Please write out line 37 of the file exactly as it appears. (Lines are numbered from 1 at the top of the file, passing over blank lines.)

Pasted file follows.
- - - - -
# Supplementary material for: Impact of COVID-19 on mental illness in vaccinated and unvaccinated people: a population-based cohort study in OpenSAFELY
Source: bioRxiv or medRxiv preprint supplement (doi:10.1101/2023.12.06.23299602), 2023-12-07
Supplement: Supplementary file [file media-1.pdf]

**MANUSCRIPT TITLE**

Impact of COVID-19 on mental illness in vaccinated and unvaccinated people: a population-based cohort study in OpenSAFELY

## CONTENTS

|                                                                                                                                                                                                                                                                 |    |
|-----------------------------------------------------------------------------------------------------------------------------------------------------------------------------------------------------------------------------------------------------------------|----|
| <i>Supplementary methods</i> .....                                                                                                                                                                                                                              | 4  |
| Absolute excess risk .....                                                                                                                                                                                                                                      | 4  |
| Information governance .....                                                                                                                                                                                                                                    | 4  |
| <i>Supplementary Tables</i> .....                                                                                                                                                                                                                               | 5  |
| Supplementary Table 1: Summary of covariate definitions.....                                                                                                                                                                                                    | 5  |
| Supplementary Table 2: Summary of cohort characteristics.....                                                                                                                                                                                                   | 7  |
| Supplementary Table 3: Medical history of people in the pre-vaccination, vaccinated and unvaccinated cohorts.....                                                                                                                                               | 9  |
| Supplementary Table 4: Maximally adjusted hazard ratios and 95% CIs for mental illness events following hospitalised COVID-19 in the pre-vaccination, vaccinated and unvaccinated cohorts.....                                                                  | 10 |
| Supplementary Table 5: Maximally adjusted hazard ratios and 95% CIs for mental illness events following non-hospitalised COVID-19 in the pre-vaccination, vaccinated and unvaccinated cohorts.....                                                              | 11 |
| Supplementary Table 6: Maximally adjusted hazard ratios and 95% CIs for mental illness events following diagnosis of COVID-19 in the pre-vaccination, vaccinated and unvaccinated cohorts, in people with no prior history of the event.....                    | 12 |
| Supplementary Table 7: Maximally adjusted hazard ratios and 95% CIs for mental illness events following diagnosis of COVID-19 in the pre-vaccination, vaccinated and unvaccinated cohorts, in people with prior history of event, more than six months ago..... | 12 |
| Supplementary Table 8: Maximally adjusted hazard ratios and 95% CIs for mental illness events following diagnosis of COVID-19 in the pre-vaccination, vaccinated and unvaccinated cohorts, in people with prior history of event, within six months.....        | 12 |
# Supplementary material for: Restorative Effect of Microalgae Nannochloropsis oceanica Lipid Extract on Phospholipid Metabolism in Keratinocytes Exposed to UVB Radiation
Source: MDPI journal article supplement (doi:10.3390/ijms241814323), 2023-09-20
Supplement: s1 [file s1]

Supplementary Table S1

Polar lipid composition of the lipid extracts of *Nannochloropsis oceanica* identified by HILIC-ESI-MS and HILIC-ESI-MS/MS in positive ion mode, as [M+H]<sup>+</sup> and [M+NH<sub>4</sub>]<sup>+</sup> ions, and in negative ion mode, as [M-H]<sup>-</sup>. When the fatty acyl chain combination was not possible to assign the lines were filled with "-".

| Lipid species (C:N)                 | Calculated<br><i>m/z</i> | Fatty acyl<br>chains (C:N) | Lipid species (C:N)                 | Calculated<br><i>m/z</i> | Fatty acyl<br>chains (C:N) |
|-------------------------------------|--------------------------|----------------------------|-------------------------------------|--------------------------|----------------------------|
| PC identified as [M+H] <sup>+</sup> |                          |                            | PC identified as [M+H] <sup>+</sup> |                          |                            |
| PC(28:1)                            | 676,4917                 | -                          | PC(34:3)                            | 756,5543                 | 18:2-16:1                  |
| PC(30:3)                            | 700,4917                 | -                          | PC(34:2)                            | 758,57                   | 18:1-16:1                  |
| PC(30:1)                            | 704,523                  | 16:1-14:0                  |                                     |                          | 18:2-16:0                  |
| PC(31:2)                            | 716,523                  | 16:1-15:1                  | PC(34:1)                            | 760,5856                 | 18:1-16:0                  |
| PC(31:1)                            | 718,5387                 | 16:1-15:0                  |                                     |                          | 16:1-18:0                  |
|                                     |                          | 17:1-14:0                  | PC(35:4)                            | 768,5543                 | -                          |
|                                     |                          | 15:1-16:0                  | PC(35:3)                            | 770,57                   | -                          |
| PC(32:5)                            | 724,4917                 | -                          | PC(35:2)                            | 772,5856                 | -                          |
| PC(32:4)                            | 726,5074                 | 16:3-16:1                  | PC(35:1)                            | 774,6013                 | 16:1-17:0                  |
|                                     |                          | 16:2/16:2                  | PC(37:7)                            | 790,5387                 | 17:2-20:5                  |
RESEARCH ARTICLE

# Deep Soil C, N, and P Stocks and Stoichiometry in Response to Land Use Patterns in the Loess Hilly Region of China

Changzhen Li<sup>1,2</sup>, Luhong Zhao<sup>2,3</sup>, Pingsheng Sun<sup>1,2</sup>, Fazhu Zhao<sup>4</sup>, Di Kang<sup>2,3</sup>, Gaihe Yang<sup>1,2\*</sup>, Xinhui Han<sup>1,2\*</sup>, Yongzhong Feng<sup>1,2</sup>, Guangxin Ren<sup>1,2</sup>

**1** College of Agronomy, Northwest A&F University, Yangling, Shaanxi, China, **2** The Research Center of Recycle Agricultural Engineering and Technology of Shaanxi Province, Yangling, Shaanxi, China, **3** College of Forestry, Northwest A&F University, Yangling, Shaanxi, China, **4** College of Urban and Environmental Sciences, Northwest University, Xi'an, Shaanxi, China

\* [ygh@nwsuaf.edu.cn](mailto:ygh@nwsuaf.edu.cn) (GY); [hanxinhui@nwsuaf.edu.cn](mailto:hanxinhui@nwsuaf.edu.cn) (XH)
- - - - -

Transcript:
| PC(32:4)                            | 726,5074                 | 16:3-16:1                  | PC(35:1)                            | 774,6013                 | 16:1-17:0                  |